Thursday, September 16, 2010

Sir Christopher Wren ...

Went to dine with some men
He said, "If anyone calls,
Say I'm designing Saint Paul's."

Clerihew.  To the left is the marvelous Millennium bridge.


Lee Dembart said...

Good clerihew, and a good word, too, clerihew. The American Heritage Dictionary defines it as "A humorous verse, usually consisting of two unmatched rhyming couplets, about a person whose name generally serves as one of the rhymes. After Edmund Clerihew Bentley (1875-1956), British writer."

That's fine, but why is it named after the creator's middle name, not his last name? Why isn't this little poem called a Bentley? According to the OED, in 1940 Bentley explained, "This formless form of verse was so called because my book, ‘Biography for Beginners’, in which it originated, was published under the name of E. Clerihew, my Christian name. This was in 1906, and the name was applied to the form soon after this by some unknown reader."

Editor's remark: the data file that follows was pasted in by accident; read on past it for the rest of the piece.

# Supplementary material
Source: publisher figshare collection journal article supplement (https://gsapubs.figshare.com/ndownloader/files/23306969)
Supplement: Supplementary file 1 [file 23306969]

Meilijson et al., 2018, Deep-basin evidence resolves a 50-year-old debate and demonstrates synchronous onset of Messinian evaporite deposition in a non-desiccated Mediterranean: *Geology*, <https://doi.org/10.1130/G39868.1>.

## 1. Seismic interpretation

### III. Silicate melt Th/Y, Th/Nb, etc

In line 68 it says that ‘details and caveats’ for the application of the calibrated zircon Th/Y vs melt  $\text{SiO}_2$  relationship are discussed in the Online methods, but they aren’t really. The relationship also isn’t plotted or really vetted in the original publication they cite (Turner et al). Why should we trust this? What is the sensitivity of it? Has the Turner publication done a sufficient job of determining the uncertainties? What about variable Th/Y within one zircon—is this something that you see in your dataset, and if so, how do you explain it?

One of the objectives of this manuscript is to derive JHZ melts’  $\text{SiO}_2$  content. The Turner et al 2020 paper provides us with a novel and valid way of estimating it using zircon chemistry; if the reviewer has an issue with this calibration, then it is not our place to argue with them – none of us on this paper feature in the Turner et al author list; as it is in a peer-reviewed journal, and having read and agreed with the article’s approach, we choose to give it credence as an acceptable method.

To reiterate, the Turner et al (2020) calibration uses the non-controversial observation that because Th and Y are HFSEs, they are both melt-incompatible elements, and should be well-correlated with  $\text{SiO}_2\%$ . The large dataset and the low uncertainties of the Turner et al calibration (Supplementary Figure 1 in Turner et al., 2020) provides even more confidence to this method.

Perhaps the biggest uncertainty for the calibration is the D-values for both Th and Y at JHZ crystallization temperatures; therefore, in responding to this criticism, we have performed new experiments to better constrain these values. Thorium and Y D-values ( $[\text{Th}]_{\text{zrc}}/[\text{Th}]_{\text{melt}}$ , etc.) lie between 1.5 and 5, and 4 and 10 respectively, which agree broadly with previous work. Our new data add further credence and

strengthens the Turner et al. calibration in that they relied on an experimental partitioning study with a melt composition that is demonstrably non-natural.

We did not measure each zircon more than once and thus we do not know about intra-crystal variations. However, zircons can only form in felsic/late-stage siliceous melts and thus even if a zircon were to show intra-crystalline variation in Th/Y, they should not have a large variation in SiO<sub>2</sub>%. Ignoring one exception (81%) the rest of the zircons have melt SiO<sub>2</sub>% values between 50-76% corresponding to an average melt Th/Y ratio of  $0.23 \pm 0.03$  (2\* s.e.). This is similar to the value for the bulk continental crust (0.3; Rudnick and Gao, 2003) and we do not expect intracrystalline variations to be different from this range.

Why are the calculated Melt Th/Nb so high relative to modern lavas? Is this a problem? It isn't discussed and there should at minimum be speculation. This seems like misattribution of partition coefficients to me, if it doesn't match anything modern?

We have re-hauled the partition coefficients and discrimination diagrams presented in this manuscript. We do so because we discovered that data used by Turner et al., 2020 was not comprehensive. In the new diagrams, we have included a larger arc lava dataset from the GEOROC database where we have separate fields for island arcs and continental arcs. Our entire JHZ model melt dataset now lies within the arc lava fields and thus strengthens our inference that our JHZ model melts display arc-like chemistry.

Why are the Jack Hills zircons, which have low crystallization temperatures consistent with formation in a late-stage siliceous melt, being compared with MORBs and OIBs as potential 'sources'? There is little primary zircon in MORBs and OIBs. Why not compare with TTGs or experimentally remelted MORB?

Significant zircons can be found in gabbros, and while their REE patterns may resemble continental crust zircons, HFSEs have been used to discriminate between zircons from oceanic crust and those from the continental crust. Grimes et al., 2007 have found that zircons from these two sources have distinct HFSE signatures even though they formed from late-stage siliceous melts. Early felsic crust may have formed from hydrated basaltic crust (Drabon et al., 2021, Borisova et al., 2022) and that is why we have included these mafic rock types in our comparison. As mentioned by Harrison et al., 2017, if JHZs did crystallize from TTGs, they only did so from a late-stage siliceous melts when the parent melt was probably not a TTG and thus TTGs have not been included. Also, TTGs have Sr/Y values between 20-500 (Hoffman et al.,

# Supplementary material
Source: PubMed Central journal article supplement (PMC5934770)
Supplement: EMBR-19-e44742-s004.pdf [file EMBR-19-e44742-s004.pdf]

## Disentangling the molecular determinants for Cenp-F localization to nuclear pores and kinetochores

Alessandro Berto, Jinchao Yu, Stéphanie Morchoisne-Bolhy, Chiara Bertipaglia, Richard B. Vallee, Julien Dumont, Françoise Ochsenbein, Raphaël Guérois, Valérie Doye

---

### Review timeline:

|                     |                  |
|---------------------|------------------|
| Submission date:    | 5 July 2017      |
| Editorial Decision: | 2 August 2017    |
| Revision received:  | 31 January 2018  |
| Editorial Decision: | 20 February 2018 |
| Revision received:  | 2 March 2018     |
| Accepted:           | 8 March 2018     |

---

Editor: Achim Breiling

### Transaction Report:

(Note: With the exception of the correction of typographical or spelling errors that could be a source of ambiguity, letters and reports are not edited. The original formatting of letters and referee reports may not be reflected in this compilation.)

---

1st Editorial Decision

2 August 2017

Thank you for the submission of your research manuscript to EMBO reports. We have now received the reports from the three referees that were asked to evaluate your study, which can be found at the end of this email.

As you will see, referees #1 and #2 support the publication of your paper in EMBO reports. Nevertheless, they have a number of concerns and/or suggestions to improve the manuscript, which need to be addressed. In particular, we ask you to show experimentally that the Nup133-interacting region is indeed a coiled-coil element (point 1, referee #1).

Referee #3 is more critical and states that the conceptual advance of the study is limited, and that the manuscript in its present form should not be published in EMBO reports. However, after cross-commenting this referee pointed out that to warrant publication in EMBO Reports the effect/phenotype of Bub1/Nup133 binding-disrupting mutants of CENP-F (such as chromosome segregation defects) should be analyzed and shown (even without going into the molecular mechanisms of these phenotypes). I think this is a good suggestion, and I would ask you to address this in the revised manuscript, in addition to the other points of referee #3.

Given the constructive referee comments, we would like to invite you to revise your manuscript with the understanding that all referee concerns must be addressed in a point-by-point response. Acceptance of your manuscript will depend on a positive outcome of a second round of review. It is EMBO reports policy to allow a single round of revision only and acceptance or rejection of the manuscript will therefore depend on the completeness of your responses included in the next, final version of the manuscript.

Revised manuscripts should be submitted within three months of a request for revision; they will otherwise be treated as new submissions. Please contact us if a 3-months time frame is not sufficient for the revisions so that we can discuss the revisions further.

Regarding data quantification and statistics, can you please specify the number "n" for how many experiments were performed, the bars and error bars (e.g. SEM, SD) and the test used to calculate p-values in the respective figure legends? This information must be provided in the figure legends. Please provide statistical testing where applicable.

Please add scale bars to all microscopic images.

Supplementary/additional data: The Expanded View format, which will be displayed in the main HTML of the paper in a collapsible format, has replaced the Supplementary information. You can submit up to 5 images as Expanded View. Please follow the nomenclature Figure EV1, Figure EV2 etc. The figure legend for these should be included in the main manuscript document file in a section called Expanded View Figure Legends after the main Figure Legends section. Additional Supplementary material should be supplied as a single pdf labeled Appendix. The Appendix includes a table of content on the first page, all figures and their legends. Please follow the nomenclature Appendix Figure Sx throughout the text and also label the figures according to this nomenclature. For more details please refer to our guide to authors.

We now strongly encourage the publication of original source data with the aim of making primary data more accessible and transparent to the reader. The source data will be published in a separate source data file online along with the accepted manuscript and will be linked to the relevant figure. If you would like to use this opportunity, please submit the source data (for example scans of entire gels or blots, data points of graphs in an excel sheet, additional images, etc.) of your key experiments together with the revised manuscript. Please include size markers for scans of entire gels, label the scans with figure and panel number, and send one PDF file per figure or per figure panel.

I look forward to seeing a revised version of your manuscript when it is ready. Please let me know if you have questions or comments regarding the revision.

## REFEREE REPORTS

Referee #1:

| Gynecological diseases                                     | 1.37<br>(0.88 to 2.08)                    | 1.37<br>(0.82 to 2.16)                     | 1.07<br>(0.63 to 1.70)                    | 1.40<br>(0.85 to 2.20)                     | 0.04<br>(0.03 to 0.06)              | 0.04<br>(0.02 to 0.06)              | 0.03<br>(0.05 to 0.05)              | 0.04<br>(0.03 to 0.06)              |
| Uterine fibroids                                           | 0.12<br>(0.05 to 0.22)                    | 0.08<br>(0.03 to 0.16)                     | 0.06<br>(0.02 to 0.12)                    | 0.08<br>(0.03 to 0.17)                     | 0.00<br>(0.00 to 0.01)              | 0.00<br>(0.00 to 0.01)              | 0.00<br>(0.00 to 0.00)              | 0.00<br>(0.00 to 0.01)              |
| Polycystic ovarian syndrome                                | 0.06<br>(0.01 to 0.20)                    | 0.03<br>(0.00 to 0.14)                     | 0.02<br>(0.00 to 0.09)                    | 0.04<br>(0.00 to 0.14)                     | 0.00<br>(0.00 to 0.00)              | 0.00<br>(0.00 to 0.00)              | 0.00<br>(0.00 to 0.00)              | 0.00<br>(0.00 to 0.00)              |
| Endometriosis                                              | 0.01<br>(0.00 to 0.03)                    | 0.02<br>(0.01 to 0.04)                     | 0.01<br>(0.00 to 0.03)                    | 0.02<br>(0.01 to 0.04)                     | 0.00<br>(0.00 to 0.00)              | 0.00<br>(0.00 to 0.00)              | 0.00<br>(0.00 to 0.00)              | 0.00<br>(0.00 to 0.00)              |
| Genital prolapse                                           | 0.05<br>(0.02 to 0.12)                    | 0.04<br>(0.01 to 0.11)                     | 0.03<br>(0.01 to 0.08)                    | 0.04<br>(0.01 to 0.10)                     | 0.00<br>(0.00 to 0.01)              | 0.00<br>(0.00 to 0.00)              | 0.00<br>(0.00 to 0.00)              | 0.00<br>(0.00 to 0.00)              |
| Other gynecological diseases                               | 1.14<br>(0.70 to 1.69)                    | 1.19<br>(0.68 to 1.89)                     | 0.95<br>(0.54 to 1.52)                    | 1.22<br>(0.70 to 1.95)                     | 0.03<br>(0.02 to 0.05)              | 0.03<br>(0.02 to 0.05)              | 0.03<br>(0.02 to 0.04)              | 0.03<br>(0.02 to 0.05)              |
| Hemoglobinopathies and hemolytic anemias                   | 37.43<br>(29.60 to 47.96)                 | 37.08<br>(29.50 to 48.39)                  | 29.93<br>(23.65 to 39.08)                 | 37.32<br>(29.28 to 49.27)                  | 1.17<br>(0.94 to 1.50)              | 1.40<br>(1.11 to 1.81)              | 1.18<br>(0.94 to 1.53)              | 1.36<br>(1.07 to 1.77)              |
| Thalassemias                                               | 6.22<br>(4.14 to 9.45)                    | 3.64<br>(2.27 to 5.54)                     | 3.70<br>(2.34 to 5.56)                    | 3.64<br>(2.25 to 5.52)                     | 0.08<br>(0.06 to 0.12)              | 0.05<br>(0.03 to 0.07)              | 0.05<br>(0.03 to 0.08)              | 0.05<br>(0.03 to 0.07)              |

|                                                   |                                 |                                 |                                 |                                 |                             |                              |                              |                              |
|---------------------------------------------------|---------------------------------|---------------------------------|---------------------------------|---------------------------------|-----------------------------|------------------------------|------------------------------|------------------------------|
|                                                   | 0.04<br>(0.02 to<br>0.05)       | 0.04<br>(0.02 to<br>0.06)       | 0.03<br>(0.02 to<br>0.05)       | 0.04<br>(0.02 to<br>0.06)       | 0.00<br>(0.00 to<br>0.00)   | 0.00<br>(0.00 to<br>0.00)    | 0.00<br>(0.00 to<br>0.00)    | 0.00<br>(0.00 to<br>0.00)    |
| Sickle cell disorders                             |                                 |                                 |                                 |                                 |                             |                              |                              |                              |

eViL pOp TaRt said...

Sir Hemphrey Davy
Detested gravy;
He lived in the odium
Of having discovered sodium

eViL pOp TaRt said...
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